It’s a long and winding path from conceiving a solution to a problem and turning that idea into a marketable product, but it is plenty doable with the right amounts of determination, expertise and support. Entrepreneurs and innovators who are uncertain how to navigate the process might consider taking cues from Carrie Shaw, CEO and Founder of Embodied Labs.
Embodied Labs has developed an immersive learning system that uses virtual reality (VR) to simulate challenges and scenarios faced by older adults and their caregivers. The company creates research-based VR experiences that give caregivers and others a first-person glimpse at specific conditions, and helps caregivers navigate interactions with those who have the conditions. Embodied Labs offers a growing catalogue of experiences, or labs, that address such conditions as Lewy body dementia, Parkinson’s disease and macular degeneration. The goal is to offer caregivers a holistic perspective on how certain conditions affect brain activity.
And, as is sometimes the case, the platform’s origins are rooted in the founder’s personal life experience. When Shaw was 19, her mother – only in her 40s – was diagnosed with early onset Alzheimer’s disease. “My relationship to my mom’s illness was to avoid it because I didn’t really know how to be helpful,” she said. But, as time progressed, Shaw became her mother’s caregiver. She also earned a degree in Public Health from the University of North Carolina at Chapel Hill and joined the Peace Corps, serving as a health education volunteer in the Dominican Republic. Around the same time, she learned about medical illustration as a potential career option and decided to pursue a master’s degree in Biomedical Visualization from the University of Illinois at Chicago. While Shaw doesn’t consider herself “a techie,” she met a fellow student, Thomas Leahy, who was focused on human-computer interaction, specifically through VR.
Shaw’s personal life and educational path were converging. She and her sister, Erin Washington, along with Leahy, founded Embodied Labs in 2016, the same year she graduated from UIC. The next step for the newly minted business owners was to secure funding – and, like most start-ups, Shaw said they took “...a lot of interesting, crafty paths to stay afloat.” The group leveraged personal networks and found willing investors in friends, advisors and others. They also found success with pitch competitions such as Creative Startups Winston-Salem and USC’s VR Hackathon Challenge, and they received a $50,000 grant from the U.S. Department of Education.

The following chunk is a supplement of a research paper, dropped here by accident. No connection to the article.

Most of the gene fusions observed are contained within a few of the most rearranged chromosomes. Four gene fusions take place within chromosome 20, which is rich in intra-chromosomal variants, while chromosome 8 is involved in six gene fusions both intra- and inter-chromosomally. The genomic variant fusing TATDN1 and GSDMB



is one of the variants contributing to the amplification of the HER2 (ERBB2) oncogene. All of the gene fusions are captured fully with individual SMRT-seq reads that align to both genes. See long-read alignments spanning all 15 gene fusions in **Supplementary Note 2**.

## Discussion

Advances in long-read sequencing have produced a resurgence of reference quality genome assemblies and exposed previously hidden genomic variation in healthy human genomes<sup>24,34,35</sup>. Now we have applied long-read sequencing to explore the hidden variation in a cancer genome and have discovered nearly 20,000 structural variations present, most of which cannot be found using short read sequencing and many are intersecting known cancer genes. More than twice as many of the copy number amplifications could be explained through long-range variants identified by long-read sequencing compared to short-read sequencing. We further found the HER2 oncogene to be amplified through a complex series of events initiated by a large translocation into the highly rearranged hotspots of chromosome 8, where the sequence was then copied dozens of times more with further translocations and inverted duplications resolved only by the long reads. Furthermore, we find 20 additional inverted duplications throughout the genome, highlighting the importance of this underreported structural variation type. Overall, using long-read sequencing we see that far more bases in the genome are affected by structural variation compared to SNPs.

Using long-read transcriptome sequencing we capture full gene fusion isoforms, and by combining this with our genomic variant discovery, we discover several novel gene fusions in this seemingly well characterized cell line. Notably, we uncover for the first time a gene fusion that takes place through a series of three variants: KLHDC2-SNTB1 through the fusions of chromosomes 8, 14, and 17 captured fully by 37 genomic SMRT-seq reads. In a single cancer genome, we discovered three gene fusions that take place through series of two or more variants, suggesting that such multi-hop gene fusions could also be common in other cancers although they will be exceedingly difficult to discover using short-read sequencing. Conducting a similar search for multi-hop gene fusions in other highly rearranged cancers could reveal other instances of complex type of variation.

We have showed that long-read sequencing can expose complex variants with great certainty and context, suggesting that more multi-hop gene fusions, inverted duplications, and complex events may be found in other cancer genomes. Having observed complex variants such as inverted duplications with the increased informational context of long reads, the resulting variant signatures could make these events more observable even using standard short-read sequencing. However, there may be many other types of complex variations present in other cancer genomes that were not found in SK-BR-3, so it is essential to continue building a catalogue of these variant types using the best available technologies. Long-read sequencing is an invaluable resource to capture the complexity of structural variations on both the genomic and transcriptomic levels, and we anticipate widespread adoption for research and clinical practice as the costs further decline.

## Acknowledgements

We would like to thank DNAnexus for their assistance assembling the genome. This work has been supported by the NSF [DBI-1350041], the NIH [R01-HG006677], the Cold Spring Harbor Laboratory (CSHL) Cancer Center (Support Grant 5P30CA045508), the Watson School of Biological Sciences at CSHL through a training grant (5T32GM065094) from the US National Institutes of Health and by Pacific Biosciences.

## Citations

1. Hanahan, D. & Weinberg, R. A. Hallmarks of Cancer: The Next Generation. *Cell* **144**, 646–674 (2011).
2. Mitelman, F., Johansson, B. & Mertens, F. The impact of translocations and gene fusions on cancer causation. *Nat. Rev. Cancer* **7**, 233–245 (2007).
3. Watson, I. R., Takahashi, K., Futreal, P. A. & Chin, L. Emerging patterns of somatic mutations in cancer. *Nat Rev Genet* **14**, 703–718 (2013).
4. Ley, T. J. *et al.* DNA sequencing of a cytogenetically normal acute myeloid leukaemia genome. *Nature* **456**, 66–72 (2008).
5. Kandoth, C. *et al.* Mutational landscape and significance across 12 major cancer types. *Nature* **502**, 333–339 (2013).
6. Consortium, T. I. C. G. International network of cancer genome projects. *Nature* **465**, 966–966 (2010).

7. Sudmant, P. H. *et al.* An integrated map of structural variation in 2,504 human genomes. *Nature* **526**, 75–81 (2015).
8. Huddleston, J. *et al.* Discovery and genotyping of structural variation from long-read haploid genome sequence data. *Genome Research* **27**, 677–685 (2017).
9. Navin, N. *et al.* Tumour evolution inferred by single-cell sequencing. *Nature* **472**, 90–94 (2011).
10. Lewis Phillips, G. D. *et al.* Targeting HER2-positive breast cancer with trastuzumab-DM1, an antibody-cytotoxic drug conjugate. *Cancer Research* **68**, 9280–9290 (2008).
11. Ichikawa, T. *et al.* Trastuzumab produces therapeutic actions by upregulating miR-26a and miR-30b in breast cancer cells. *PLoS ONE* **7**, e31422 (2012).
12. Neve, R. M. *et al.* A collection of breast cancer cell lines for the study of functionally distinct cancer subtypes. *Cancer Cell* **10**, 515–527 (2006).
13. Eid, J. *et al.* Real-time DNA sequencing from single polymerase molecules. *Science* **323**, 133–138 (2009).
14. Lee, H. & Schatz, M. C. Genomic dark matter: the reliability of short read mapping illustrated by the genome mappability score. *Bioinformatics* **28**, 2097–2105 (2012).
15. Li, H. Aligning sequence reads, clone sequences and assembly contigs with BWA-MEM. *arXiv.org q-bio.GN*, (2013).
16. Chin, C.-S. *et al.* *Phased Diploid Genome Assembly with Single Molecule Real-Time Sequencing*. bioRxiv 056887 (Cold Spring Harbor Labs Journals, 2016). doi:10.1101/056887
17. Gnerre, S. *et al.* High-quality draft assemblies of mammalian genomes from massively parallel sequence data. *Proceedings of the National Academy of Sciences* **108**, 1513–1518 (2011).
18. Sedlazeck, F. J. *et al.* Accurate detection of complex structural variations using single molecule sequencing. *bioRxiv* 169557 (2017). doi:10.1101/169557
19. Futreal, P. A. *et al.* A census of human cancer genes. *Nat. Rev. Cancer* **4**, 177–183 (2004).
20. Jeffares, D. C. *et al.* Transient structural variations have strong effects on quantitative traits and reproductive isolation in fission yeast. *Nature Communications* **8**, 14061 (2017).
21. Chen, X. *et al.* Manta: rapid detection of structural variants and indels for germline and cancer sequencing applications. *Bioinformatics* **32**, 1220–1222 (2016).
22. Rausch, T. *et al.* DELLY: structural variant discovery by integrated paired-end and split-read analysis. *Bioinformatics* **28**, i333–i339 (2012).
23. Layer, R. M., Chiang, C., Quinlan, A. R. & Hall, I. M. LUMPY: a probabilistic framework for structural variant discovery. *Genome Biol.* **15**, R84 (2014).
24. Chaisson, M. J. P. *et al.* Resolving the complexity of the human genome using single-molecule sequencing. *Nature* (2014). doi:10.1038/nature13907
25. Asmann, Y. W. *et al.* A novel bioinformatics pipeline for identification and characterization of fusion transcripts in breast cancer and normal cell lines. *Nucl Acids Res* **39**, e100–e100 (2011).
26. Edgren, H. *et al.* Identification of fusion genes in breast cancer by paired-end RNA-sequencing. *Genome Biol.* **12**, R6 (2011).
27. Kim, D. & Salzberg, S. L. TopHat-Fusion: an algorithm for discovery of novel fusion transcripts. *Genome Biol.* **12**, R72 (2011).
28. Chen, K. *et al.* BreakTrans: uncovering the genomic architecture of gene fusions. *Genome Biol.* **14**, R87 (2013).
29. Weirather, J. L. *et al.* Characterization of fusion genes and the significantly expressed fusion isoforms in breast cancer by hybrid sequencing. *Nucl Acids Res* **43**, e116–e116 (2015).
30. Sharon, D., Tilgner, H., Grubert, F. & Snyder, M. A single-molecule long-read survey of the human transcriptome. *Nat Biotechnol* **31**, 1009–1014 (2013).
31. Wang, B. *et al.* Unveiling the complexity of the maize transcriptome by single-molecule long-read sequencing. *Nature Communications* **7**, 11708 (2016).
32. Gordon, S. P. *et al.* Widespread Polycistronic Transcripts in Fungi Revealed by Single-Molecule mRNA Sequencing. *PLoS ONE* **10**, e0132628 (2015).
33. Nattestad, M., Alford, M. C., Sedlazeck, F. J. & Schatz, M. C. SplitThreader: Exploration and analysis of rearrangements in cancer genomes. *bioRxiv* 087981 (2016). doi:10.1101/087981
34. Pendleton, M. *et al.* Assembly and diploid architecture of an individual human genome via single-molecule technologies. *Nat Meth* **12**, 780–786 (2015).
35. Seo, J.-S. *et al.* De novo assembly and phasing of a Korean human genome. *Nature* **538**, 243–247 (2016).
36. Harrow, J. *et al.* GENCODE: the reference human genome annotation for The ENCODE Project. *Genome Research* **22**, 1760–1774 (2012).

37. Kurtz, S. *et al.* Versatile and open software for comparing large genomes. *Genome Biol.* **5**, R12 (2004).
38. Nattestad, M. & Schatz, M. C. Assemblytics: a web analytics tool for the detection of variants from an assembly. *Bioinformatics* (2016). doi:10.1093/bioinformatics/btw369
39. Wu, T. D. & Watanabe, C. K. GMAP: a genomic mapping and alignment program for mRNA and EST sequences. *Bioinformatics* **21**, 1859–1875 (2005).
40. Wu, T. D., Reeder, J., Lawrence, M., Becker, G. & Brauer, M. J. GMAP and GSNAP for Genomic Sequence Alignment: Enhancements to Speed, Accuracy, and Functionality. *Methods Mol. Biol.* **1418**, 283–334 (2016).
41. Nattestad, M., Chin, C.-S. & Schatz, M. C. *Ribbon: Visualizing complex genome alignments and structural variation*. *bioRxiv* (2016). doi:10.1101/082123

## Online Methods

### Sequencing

The group funneled all of the money into product development and took the platform to market in early 2018, with a narrow focus on home care and senior housing. Sales were solid, which helped the company close additional pre-seed investment funding. The group also kept traveling to events to speak, network and pitch their platform to industry experts who provided valuable feedback and a pipeline to additional capital.
One such event was The Bill & Melinda Gates Foundation’s XR in Education Prize Challenge, which netted the company the $250,000 grand prize. Another was the AARP Innovation Labs Pitch Competition, held during last year’s Silicon Valley Boomer Venture Summit, which is hosted annually by Mary Furlong & Associates. The group won the competition, and Mary Furlong also connected them with venture capital and investment firms that have since backed the company.
Embodied Labs has raised more than $1 million in seed funding to date and now has more than 100 subscribers and counting. The company has appeared in The Wall Street Journal, Forbes and the Journal of the American Medical Association (JAMA), among other well-known national media outlets.
Shaw advises entrepreneurs starting where she did a few years ago to remember that the product itself is only part of the equation. Other crucial success factors are having the right business model and infrastructure, and connecting with the right people.
“Create an ecosystem that supports the topics your business is involved in,” she said. “Really, the world is small once you start building a web of people that can contribute to your business.”
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